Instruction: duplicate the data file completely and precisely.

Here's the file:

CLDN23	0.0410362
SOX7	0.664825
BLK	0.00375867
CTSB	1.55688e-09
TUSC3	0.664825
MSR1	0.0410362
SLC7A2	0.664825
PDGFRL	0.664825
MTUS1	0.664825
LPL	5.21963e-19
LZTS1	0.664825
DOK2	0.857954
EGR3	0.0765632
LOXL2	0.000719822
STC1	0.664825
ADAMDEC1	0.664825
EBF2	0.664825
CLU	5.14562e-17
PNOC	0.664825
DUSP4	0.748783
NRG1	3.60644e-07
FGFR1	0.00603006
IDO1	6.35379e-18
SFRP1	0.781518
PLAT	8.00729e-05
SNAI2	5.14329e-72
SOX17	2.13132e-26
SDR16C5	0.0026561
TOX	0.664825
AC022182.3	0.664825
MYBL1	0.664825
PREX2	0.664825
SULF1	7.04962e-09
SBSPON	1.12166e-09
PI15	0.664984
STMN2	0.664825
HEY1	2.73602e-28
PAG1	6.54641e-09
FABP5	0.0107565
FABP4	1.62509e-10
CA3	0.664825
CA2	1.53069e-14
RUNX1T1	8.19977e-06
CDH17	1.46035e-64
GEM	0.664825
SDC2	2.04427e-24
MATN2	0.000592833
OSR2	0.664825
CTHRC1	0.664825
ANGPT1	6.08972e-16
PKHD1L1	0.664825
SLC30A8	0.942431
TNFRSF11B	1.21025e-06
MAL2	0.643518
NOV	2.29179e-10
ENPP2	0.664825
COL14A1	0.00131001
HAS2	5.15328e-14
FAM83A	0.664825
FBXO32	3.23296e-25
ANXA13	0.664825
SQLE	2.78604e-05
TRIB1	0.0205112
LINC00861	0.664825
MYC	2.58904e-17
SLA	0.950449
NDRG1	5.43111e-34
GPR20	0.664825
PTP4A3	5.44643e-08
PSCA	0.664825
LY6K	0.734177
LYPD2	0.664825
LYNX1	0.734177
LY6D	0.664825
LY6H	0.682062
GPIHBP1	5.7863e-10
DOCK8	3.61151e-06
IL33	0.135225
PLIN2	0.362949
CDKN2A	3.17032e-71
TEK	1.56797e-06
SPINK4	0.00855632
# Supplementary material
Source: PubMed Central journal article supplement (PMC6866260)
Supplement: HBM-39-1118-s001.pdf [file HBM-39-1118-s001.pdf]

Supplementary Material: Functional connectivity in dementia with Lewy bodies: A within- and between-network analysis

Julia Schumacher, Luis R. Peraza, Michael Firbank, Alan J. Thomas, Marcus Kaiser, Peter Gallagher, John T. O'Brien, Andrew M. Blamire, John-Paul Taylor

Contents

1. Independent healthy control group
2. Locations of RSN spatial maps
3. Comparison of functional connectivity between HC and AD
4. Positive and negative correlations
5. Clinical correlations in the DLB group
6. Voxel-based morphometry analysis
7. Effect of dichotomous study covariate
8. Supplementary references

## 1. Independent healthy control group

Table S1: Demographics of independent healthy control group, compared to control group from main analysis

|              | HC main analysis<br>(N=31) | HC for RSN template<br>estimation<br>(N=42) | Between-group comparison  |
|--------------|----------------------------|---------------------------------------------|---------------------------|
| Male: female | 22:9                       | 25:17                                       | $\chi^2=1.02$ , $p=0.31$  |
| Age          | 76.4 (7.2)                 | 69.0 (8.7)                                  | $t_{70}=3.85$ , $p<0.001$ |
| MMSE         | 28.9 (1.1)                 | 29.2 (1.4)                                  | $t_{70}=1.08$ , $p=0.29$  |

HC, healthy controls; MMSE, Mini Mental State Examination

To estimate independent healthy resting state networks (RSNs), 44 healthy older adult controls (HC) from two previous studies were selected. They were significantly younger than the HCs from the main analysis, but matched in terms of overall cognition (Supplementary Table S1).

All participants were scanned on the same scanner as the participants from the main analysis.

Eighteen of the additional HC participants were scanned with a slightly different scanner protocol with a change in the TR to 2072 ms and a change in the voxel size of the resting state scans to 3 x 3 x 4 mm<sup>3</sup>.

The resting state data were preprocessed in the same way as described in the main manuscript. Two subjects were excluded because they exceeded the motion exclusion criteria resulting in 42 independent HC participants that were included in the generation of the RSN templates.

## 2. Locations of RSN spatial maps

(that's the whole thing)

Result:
CLDN23	0.0410362
SOX7	0.664825
BLK	0.00375867
CTSB	1.55688e-09
TUSC3	0.664825
MSR1	0.0410362
SLC7A2	0.664825
PDGFRL	0.664825
MTUS1	0.664825
LPL	5.21963e-19
LZTS1	0.664825
DOK2	0.857954
EGR3	0.0765632
LOXL2	0.000719822
STC1	0.664825
ADAMDEC1	0.664825
EBF2	0.664825
CLU	5.14562e-17
PNOC	0.664825
DUSP4	0.748783
NRG1	3.60644e-07
FGFR1	0.00603006
IDO1	6.35379e-18
SFRP1	0.781518
PLAT	8.00729e-05
SNAI2	5.14329e-72
SOX17	2.13132e-26
SDR16C5	0.0026561
TOX	0.664825
AC022182.3	0.664825
MYBL1	0.664825
PREX2	0.664825
SULF1	7.04962e-09
SBSPON	1.12166e-09
PI15	0.664984
STMN2	0.664825
HEY1	2.73602e-28
PAG1	6.54641e-09
FABP5	0.0107565
FABP4	1.62509e-10
CA3	0.664825
CA2	1.53069e-14
RUNX1T1	8.19977e-06
CDH17	1.46035e-64
GEM	0.664825
SDC2	2.04427e-24
MATN2	0.000592833
OSR2	0.664825
CTHRC1	0.664825
ANGPT1	6.08972e-16
PKHD1L1	0.664825
SLC30A8	0.942431
TNFRSF11B	1.21025e-06
MAL2	0.643518
NOV	2.29179e-10
ENPP2	0.664825
COL14A1	0.00131001
HAS2	5.15328e-14
FAM83A	0.664825
FBXO32	3.23296e-25
ANXA13	0.664825
SQLE	2.78604e-05
TRIB1	0.0205112
LINC00861	0.664825
MYC	2.58904e-17
SLA	0.950449
NDRG1	5.43111e-34
GPR20	0.664825
PTP4A3	5.44643e-08
PSCA	0.664825
LY6K	0.734177
LYPD2	0.664825
LYNX1	0.734177
LY6D	0.664825
LY6H	0.682062
GPIHBP1	5.7863e-10
DOCK8	3.61151e-06
IL33	0.135225
PLIN2	0.362949
CDKN2A	3.17032e-71
TEK	1.56797e-06
SPINK4	0.00855632
# Supplementary material
Source: PubMed Central journal article supplement (PMC6866260)
Supplement: HBM-39-1118-s001.pdf [file HBM-39-1118-s001.pdf]

Supplementary Material: Functional connectivity in dementia with Lewy bodies: A within- and between-network analysis

Julia Schumacher, Luis R. Peraza, Michael Firbank, Alan J. Thomas, Marcus Kaiser, Peter Gallagher, John T. O'Brien, Andrew M. Blamire, John-Paul Taylor

Contents

1. Independent healthy control group
2. Locations of RSN spatial maps
3. Comparison of functional connectivity between HC and AD
4. Positive and negative correlations
5. Clinical correlations in the DLB group
6. Voxel-based morphometry analysis
7. Effect of dichotomous study covariate
8. Supplementary references

## 1. Independent healthy control group

Table S1: Demographics of independent healthy control group, compared to control group from main analysis

|              | HC main analysis<br>(N=31) | HC for RSN template<br>estimation<br>(N=42) | Between-group comparison  |
|--------------|----------------------------|---------------------------------------------|---------------------------|
| Male: female | 22:9                       | 25:17                                       | $\chi^2=1.02$ , $p=0.31$  |
| Age          | 76.4 (7.2)                 | 69.0 (8.7)                                  | $t_{70}=3.85$ , $p<0.001$ |
| MMSE         | 28.9 (1.1)                 | 29.2 (1.4)                                  | $t_{70}=1.08$ , $p=0.29$  |

HC, healthy controls; MMSE, Mini Mental State Examination

To estimate independent healthy resting state networks (RSNs), 44 healthy older adult controls (HC) from two previous studies were selected. They were significantly younger than the HCs from the main analysis, but matched in terms of overall cognition (Supplementary Table S1).

All participants were scanned on the same scanner as the participants from the main analysis.

Eighteen of the additional HC participants were scanned with a slightly different scanner protocol with a change in the TR to 2072 ms and a change in the voxel size of the resting state scans to 3 x 3 x 4 mm<sup>3</sup>.

The resting state data were preprocessed in the same way as described in the main manuscript. Two subjects were excluded because they exceeded the motion exclusion criteria resulting in 42 independent HC participants that were included in the generation of the RSN templates.

## 2. Locations of RSN spatial maps